Warren County Public Works Superintendent Jeffrey Tennyson, who was suspended after he was charged with aggravated driving while intoxicated earlier this year, has resigned from his job, county officials said Friday.
The county Board of Supervisors on Friday approved a “settlement agreement” with Tennyson, but supervisors would not comment on what the agreement entails or whether he will receive any compensation as part of it. He submitted a resignation letter, but county officials did not release it Friday.
Tennyson, 45, is an engineer who had been the county’s DPW superintendent since 2010 and had worked for the county since 2007. He was suspended Jan. 29, the day after his arrest.
Kevin Geraghty, the county’s acting administrator and Warrensburg supervisor, said the board will vote to formally accept Tennyson’s resignation at its meeting in April.
A source familiar with the matter, who spoke on the condition of anonymity because they were not authorized to discuss the matter publicly, said Tennyson initially sought tens of thousands of dollars in compensation for unused leave time he believed was due.
The settlement with Tennyson was reached Friday, but the written agreement did not name the person involved. That did not sit well with at least one observer at the county Board of Supervisors meeting on Friday — Queensbury resident Travis Whitehead, who questioned the county’s practice of keeping settlements secret.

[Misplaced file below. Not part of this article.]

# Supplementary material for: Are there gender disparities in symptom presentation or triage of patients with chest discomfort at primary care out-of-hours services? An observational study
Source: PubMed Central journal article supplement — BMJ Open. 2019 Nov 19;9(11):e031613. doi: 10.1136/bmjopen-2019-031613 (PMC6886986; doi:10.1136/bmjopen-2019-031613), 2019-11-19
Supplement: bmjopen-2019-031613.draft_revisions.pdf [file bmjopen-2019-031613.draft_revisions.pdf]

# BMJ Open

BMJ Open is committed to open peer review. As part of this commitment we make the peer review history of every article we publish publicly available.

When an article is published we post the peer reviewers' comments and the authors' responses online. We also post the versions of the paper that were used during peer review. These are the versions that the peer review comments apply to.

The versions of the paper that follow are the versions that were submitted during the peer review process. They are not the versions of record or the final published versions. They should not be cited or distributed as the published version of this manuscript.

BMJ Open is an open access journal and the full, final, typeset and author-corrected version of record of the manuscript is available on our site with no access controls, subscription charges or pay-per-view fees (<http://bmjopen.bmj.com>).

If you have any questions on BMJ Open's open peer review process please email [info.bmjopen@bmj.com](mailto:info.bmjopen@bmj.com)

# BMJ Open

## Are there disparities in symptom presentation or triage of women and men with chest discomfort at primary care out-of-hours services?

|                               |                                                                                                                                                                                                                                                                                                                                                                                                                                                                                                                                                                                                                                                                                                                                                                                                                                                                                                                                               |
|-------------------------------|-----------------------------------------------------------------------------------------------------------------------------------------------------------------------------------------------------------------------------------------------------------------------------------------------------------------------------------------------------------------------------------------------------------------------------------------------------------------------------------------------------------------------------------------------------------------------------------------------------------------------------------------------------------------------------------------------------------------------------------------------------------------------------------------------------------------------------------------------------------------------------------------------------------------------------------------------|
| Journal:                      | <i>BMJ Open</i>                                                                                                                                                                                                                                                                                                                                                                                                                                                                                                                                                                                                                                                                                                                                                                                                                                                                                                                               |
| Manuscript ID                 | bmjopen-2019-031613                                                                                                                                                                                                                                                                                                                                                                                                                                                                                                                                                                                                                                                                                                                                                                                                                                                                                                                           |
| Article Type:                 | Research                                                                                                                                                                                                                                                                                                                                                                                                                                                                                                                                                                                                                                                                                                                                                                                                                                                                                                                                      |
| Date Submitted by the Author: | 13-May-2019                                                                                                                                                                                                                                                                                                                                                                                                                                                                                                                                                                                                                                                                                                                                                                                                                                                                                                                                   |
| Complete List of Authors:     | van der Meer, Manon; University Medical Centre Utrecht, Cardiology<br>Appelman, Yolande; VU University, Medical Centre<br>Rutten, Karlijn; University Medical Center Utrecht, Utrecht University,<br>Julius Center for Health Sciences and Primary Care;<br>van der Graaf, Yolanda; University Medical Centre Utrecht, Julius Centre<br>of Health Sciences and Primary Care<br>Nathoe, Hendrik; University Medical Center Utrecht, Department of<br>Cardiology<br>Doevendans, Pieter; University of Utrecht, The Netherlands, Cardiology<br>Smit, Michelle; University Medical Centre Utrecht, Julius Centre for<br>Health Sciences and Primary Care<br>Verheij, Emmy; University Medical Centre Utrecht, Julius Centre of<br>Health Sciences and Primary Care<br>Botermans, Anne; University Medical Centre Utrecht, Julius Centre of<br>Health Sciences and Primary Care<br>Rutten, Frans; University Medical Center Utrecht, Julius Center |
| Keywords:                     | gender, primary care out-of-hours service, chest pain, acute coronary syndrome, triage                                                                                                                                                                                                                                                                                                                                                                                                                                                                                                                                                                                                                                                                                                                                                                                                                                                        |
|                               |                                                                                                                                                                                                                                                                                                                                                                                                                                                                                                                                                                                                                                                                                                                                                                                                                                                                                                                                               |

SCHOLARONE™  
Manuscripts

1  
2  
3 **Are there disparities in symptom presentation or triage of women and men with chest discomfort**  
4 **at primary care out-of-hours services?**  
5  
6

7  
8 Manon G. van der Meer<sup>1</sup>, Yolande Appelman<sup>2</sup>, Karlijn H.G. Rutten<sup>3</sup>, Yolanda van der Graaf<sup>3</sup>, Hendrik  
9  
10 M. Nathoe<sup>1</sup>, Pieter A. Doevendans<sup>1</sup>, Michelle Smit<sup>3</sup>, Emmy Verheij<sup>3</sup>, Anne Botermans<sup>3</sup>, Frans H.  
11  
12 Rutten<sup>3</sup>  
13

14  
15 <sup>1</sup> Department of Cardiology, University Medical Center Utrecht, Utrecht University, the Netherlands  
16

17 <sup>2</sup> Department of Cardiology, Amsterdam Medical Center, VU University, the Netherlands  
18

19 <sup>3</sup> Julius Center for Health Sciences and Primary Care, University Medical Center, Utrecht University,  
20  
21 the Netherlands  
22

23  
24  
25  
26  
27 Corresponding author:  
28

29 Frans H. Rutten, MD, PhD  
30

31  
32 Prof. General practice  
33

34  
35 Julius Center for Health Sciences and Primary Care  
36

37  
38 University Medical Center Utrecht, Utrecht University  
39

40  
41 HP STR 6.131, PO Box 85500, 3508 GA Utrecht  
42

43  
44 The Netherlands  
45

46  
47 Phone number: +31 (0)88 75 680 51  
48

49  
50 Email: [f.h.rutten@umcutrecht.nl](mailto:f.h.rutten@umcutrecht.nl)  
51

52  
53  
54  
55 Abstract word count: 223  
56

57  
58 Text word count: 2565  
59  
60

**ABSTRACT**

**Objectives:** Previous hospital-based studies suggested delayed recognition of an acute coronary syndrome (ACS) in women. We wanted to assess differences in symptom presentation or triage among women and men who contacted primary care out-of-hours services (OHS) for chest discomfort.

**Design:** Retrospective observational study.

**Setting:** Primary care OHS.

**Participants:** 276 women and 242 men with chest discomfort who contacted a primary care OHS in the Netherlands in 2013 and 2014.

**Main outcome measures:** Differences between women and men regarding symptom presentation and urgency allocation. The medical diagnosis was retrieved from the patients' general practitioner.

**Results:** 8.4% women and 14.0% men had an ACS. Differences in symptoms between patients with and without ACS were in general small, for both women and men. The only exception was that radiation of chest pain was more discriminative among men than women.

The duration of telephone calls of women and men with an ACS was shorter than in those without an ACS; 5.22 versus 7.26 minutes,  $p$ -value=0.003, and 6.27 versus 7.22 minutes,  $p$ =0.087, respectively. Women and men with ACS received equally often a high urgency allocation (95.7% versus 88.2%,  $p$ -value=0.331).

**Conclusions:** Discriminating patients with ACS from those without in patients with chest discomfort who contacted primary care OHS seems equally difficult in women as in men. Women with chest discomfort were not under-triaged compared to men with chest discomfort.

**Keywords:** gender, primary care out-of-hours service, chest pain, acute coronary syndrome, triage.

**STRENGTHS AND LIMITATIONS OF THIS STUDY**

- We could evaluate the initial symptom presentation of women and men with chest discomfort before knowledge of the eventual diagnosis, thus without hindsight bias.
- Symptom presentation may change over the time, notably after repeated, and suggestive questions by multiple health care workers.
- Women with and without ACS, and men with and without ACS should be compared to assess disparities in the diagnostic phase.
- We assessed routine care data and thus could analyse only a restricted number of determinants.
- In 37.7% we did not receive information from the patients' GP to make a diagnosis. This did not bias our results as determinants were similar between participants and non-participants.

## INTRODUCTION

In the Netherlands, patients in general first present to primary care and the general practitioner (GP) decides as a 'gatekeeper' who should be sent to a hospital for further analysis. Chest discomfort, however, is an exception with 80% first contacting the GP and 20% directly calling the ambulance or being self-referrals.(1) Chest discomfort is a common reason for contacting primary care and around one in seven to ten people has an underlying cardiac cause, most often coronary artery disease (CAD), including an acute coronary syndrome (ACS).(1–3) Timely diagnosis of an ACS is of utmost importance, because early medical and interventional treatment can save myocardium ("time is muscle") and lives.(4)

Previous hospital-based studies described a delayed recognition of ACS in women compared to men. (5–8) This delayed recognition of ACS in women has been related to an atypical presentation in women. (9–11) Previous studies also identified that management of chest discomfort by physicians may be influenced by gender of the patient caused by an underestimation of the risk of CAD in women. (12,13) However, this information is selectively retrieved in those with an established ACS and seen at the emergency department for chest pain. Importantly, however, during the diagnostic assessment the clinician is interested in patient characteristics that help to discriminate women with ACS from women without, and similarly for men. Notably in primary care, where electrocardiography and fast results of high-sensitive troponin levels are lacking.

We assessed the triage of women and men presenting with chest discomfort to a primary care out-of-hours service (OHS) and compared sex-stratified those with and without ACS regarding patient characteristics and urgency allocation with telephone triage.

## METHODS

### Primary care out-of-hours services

He pointed to two settlements voted on Friday, one with the unnamed employee The Post-Star learned was Tennyson and the other relating to a lawsuit with Magic Forest amusement park owner Jack Gillette. The county board has not disclosed how much Gillette will be paid, although The Post-Star learned the agreement was for $150,000.
Whitehead said supervisors were given little notice about the issue, as the resolution was added to the agenda shortly before the meeting Friday, and the public has no ability to weigh in on it.
“This gets dumped on the schedule this morning, we have no idea who you’re talking about or how much,” Whitehead said.
Tennyson pleaded guilty to misdemeanor DWI earlier this month.
He had been charged with aggravated DWI based on a blood alcohol content that was 0.24 percent, triple the 0.08 percent threshold for intoxication. He was sentenced to a one-year conditional discharge, which requires him to remain arrest-free and complete certain requirements, was fined $500 and ordered to pay $395 in state surcharges. He also faces a mandatory driver’s license suspension, but could be granted a license to drive to and from work.
Neither he nor his lawyer, Peter Moschetti, have returned repeated phone calls about the matter.